Just a few years later, I was promoted to lead the Technical Publications group, even though I was by far the youngest. In 1996, I landed a huge promotion...to manage the whole Publications group in the company’s largest region...six offices in Alaska, Hawaii, Oregon, and Washington...and later Idaho.
It meant bringing together staff who were operating completely independently and building a high-functioning service team of creatives.
I would serve in that role for 13 years, leading over 70 proposal managers, editors, graphic designers, document publishers, and repro staff. I loved that job!
I had just been offered the job in February when I learned I was pregnant. By August, my job was well under way and I was regularly traveling around the region.
And then my life changed completely when I gave birth to my first child at just 24 weeks.
Listen to the podcast to learn the details of his premature birth, 117 difficult days in the NICU, and the most terrifying moments. The hardest thing was not being able to hold him until he was 5 weeks old.
Almost a year to the day after we took Chris home, he had to be readmitted to the hospital because he caught RSV, which led to pneumonia. We had to spend several days in isolation in the pediatric unit, and the nurses pumped quarts of mucus out of his lungs. It was awful!
I still have some trauma about our NICU experience, evident because I got emotional as I was telling this story on the podcast!
When Chris had a frightening grand mal seizure at the age of 9, I fainted! It's all much more firmly etched in my psyche than I realize. He was diagnosed with epilepsy and was on seizure meds until he was in his teens when he grew out of it. When he was 10 he was diagnosed with ADD. But compared to the problems that beset so many micropreemies, he was so lucky...a walking and talking miracle.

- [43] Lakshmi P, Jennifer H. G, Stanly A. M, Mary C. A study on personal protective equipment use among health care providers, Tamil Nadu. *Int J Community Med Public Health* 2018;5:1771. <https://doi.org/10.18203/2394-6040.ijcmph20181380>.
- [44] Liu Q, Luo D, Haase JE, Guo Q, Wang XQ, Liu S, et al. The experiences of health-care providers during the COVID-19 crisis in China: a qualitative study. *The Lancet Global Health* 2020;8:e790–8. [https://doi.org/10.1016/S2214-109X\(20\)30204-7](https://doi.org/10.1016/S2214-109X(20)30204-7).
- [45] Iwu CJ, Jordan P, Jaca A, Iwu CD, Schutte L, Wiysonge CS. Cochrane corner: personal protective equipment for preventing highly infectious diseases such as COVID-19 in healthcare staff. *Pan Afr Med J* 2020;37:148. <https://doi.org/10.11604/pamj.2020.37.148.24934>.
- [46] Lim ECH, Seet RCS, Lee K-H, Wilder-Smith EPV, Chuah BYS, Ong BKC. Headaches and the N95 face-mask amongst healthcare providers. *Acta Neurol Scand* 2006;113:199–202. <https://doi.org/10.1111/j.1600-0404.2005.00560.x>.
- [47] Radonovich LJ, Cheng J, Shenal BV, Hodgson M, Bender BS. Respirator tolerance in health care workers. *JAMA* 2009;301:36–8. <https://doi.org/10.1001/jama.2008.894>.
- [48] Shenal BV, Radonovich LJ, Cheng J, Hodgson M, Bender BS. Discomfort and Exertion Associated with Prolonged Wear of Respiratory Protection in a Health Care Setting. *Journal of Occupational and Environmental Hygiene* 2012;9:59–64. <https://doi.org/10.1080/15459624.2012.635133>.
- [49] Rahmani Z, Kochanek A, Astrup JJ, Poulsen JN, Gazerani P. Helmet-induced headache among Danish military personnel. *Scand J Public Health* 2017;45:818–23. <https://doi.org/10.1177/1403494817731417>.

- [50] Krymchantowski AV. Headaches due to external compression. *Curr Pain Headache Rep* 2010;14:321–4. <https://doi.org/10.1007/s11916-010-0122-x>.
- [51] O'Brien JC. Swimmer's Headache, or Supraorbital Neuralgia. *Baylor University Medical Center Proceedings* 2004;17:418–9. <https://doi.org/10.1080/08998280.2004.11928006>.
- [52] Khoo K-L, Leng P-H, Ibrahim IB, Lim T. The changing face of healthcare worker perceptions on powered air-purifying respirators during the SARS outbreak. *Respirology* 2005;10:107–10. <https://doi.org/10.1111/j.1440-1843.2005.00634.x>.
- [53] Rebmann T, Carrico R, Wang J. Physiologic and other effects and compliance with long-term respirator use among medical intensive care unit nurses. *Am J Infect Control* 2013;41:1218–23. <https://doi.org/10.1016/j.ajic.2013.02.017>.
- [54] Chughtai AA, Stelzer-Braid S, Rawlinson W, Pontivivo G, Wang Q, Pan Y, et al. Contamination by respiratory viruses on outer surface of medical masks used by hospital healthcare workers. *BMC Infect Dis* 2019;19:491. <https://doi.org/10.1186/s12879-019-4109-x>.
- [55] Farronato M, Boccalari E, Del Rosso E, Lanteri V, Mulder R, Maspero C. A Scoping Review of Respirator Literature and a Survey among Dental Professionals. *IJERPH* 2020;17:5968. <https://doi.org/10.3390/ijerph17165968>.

Even though I would never wish the NICU experience on ANYONE, through the experience we learned to value life and miracles and we also made some of the best friends of our lives in other NICU parents.
We were invited to join the hospital’s NICU Family Advisory Board to advise the NICU on how to be more family centered. In 2000, we cofounded a nonprofit, Precious Beginnings: Parents Supporting Parents of Critically Ill Newborns.
When I went back to work after Chris was born, Mike became primary caregiver for our three sons.
Our sons have learned that moms can be the ones who leave the house to work, while dads can be amazing, caring, and fun caretakers.
Mike writes fiction when he can squeeze it in, and after I got laid off last year he became an in-home caregiver, his true calling.
I never found it easy to get pregnant or stay pregnant, even though I liked the actual experience of being pregnant. I experienced four miscarriages before we had another son, Kieran. Then we were shocked to discover I was pregnant at age 41...and even though we thought we were done with two children, after experiencing so much infertility, I knew Nicholas was meant to be. I tell all three of our boys that each one of them was a miracle.
In 2012, I discovered that I had a rare growth in my ear called a cholesteatoma. It was the result of my many childhood ear infections, and it was basically rotting away my ear bones. It also ate into my dura, the lining of my brain.